Ke Yuan, Ph.D., received the 2019 PHA Aldrighetti Research Award for Young Investigators. The award, one of three Pulmonary Hypertension Association (PHA) research grants awarded last year, funds Yuan’s proposal, “SDF1 signaling: A Master Regulator of Mural Cell-Dependent Vascular Remodeling in PAH.” Yuan is an assistant professor at Harvard Medical School and a Parker B. Francis Fellow in the Division of Pulmonary Medicine at Boston Children’s Hospital. She previously was an instructor in the School of Medicine in the Division of Pulmonary Critical Care Medicine at Stanford University.

Here’s how she says her research could lead to improved patient outcomes:

“Pulmonary arterial hypertension (PAH) is a life-threatening disease characterized by abnormally elevated pulmonary pressures and progressive right heart failure. If untreated, it can lead to death within a year of diagnosis. Current therapies include oral and intravenous agents with vasodilatory properties that improve symptoms but do not reverse or prevent the disease progression. That leaves lung transplantation, with its inherent high mortality and morbidity, as the only option for patients at the end stage. Thus, there is an unmet need for novel therapies capable of preventing progression and improving clinical outcomes in these patients.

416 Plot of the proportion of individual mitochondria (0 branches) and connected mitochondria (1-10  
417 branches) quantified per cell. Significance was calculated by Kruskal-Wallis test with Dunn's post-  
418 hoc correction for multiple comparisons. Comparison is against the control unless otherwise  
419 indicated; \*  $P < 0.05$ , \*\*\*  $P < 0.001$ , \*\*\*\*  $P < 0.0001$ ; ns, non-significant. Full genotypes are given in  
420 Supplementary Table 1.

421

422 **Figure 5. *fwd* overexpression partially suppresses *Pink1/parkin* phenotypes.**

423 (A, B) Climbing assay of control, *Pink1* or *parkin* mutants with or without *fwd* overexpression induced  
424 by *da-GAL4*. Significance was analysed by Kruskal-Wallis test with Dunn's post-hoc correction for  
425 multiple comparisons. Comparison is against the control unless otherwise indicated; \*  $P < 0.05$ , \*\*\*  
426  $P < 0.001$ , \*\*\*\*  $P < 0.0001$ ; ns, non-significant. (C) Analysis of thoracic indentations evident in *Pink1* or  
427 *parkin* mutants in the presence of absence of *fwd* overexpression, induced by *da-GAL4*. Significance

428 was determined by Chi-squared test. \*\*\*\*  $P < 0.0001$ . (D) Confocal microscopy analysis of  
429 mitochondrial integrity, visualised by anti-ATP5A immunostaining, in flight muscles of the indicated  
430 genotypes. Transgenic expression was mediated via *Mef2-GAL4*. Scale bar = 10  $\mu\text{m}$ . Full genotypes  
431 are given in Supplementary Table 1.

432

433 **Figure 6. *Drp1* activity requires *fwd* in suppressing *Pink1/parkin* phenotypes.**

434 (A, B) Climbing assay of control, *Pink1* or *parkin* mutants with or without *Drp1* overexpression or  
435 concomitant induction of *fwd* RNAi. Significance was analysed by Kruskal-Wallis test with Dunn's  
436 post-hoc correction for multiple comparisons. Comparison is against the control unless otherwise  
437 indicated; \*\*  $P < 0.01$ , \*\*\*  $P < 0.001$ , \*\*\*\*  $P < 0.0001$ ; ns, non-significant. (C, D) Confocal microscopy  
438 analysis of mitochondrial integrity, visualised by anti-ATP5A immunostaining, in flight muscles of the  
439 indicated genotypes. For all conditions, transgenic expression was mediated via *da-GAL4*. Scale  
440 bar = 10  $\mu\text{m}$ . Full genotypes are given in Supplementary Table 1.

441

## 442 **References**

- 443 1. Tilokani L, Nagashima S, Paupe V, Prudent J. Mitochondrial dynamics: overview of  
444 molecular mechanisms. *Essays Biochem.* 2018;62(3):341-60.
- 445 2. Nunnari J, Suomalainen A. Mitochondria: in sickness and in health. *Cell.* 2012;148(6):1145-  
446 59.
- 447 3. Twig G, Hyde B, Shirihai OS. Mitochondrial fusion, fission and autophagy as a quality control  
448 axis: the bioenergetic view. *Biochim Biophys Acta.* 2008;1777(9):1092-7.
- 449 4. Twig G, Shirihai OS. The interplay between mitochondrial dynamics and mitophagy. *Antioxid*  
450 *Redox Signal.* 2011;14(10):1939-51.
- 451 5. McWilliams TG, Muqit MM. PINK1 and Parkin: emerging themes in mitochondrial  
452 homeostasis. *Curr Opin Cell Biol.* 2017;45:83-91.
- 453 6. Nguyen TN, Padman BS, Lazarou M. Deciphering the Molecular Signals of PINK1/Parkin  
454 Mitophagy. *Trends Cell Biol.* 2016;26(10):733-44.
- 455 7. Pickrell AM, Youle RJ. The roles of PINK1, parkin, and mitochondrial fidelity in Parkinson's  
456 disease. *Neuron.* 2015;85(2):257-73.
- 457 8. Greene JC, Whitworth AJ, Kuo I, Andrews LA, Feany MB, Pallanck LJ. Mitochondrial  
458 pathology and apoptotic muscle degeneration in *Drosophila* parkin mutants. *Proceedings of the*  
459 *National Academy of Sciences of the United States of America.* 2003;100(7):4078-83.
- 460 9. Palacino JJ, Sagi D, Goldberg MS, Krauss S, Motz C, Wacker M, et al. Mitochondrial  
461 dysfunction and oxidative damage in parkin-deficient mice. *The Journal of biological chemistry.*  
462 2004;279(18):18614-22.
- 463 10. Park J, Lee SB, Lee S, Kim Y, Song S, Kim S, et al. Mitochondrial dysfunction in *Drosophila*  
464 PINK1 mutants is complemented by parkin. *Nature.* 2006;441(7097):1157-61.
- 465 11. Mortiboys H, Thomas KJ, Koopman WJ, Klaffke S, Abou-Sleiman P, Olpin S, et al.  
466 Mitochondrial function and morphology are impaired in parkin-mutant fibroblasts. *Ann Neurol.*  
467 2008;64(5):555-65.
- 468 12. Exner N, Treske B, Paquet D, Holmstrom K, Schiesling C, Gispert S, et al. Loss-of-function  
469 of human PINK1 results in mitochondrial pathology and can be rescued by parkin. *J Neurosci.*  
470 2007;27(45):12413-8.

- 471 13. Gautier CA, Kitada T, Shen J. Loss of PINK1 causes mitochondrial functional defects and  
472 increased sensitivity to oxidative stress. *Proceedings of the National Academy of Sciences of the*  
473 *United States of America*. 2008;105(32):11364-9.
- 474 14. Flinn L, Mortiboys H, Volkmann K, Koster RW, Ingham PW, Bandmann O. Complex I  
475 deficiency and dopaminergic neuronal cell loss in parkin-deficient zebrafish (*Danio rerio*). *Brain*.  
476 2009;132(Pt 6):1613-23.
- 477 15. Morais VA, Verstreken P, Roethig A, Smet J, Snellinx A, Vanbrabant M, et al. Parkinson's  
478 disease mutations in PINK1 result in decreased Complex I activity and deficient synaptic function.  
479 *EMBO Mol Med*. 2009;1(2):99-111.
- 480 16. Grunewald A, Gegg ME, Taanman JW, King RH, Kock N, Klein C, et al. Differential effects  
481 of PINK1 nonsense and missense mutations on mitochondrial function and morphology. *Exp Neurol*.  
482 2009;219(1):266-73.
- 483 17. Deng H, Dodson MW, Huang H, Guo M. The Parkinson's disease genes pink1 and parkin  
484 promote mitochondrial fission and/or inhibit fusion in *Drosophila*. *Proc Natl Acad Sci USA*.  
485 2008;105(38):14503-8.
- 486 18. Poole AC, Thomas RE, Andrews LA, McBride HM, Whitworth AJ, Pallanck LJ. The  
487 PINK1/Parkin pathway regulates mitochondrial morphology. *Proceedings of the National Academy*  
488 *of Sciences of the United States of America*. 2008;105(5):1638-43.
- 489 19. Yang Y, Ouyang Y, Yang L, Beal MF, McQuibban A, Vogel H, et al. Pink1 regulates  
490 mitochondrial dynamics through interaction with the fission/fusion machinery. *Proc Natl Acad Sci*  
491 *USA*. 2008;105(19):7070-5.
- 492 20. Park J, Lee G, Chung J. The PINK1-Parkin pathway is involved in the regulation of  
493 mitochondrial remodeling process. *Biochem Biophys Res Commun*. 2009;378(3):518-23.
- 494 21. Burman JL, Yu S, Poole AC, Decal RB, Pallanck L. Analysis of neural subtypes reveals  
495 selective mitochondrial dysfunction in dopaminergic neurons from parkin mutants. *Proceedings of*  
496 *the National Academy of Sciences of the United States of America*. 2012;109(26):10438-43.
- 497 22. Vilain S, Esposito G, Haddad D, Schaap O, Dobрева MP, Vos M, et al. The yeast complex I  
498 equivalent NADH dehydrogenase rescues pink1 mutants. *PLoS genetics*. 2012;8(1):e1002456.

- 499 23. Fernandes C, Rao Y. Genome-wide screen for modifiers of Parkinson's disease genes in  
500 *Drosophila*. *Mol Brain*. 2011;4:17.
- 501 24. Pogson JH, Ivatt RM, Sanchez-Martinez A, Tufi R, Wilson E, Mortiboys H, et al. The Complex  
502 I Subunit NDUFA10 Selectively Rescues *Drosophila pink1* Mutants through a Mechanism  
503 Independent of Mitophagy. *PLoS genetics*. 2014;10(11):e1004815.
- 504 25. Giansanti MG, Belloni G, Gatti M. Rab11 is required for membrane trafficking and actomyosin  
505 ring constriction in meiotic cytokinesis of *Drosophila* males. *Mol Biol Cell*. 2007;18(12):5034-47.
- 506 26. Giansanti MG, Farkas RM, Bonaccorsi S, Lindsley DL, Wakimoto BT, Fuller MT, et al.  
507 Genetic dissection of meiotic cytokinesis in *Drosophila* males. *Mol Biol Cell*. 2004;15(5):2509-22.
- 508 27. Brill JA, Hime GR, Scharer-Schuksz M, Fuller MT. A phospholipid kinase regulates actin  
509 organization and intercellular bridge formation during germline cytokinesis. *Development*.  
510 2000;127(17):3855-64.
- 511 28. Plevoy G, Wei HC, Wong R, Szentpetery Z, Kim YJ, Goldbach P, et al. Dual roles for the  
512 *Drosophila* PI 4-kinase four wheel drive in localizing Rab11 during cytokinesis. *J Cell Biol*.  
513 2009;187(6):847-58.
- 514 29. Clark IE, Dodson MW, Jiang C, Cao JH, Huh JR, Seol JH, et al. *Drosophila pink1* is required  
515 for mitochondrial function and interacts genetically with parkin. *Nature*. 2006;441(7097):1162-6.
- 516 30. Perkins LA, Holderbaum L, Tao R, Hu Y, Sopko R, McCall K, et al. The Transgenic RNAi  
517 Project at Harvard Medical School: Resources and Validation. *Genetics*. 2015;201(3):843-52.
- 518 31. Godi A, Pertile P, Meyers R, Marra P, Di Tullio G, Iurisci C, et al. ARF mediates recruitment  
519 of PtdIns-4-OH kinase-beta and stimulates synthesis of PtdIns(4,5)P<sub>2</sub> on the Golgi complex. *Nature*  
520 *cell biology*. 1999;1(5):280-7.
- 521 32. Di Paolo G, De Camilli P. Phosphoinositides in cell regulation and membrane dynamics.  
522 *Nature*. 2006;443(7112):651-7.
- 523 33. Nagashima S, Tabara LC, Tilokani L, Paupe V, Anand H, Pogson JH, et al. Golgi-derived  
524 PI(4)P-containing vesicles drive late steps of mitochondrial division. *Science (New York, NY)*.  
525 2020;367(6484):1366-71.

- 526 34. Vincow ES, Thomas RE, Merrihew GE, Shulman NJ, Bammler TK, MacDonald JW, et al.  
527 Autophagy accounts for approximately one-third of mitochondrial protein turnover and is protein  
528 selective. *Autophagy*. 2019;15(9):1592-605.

“While the etiology of PAH is unknown, muscularized arterioles due to excessive pulmonary arterial smooth muscle cells (PASMCs) is a major pathological feature of this disorder. The source of PASMCs has been the subject of much speculation, and few studies have attempted to define the origin.

“We have found evidence that supports a key role for pericytes as a source of highly proliferating and contractile PASMCs in PAH. Studies proposed will provide novel insight into their role as a source of signaling cues that serve to ensure proper vessel regeneration and as novel targets for therapeutic interventions. This is an important goal because PAH remains an incurable disease that targets mostly middle-aged females and is associated with significant morbidity and loss of quality of life.

“By focusing on the mechanisms of vascular remodeling, we will discover novel approaches to prevent disease progression and facilitate regression of vascular pathology. Such strategies will significantly improve patient outcomes and potentially restore their capacity to breathe without considerable difficulty.”

Ke Yuan, Ph.D.

Ke Yuan, Ph.D.